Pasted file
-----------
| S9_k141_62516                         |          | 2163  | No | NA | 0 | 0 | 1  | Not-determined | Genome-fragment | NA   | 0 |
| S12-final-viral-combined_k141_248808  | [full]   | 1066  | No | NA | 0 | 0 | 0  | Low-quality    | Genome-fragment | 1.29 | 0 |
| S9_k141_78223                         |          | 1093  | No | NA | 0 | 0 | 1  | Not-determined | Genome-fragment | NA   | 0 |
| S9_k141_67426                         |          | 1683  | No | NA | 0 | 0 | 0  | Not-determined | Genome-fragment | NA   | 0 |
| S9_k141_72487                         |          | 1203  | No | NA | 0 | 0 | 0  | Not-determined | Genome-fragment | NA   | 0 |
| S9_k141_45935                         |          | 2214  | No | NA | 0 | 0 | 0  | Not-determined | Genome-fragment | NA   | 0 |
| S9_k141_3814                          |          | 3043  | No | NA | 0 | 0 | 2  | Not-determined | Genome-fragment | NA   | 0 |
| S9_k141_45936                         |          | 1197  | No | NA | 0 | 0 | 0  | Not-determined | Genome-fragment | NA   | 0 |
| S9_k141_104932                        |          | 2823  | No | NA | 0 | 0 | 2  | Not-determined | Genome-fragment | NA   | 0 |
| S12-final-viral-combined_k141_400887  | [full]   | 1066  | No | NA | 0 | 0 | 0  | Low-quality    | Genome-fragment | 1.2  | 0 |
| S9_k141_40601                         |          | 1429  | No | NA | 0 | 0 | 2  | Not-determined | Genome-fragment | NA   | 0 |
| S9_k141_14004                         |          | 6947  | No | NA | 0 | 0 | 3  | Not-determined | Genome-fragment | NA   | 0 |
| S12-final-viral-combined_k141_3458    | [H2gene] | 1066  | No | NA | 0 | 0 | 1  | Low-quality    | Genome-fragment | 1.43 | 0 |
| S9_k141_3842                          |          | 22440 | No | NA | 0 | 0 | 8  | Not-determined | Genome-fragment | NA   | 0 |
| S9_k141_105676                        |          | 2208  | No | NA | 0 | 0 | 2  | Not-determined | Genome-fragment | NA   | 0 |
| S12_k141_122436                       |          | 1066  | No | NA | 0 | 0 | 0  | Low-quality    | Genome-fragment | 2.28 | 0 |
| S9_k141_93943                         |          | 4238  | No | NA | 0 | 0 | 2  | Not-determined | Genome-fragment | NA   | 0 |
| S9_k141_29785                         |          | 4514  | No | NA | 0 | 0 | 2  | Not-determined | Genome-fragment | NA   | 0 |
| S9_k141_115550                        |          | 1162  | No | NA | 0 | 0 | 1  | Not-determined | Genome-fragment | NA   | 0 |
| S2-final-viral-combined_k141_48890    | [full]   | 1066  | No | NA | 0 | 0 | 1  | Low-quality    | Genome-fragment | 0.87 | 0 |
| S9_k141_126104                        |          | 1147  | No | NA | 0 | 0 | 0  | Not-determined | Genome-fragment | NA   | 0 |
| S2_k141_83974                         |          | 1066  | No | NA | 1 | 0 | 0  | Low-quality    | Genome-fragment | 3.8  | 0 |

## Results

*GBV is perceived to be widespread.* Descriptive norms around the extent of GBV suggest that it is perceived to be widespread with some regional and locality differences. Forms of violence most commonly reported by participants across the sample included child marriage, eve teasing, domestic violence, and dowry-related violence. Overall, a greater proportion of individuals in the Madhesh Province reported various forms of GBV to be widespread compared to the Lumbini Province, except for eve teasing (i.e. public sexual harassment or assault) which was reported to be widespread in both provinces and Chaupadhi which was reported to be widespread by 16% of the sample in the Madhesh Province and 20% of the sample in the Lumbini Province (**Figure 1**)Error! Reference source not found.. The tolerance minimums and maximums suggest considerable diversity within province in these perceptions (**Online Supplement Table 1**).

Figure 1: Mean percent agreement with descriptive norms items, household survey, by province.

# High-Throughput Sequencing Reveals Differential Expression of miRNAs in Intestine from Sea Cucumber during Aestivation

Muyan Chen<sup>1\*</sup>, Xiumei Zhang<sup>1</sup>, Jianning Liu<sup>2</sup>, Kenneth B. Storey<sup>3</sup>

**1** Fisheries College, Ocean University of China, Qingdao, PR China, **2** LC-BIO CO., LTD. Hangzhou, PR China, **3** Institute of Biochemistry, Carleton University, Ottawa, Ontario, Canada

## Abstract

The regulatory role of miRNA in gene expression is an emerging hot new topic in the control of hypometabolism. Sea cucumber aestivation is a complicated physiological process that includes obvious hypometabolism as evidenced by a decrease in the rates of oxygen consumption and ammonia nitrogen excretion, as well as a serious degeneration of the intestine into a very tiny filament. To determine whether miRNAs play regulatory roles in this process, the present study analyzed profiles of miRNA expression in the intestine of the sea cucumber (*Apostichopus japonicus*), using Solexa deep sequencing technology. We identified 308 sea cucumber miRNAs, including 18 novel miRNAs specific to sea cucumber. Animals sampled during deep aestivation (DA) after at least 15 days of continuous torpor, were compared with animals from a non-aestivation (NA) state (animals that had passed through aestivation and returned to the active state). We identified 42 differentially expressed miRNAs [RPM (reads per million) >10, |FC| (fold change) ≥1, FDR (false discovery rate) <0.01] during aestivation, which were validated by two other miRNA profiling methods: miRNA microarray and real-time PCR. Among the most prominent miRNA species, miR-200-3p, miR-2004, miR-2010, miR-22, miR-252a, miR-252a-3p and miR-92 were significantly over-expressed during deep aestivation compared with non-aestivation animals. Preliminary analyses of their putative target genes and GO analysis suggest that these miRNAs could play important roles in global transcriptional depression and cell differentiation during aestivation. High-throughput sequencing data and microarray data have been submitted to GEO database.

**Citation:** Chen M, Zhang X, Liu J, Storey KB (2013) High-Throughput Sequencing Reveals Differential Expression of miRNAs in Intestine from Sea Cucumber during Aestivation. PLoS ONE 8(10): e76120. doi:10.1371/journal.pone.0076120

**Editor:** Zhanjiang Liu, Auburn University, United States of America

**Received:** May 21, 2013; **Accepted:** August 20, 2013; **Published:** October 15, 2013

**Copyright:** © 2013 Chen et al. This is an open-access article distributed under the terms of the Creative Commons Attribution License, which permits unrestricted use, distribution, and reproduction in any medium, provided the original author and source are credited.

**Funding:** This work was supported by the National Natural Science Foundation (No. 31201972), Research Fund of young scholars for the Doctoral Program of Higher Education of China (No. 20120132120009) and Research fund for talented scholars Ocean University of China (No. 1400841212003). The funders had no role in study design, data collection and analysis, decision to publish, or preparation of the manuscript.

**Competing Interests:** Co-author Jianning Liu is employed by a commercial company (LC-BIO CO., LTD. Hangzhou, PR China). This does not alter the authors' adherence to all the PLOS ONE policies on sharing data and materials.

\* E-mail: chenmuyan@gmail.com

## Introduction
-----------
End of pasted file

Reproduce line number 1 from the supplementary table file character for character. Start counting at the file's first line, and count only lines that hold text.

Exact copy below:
| S9_k141_62516                         |          | 2163  | No | NA | 0 | 0 | 1  | Not-determined | Genome-fragment | NA   | 0 |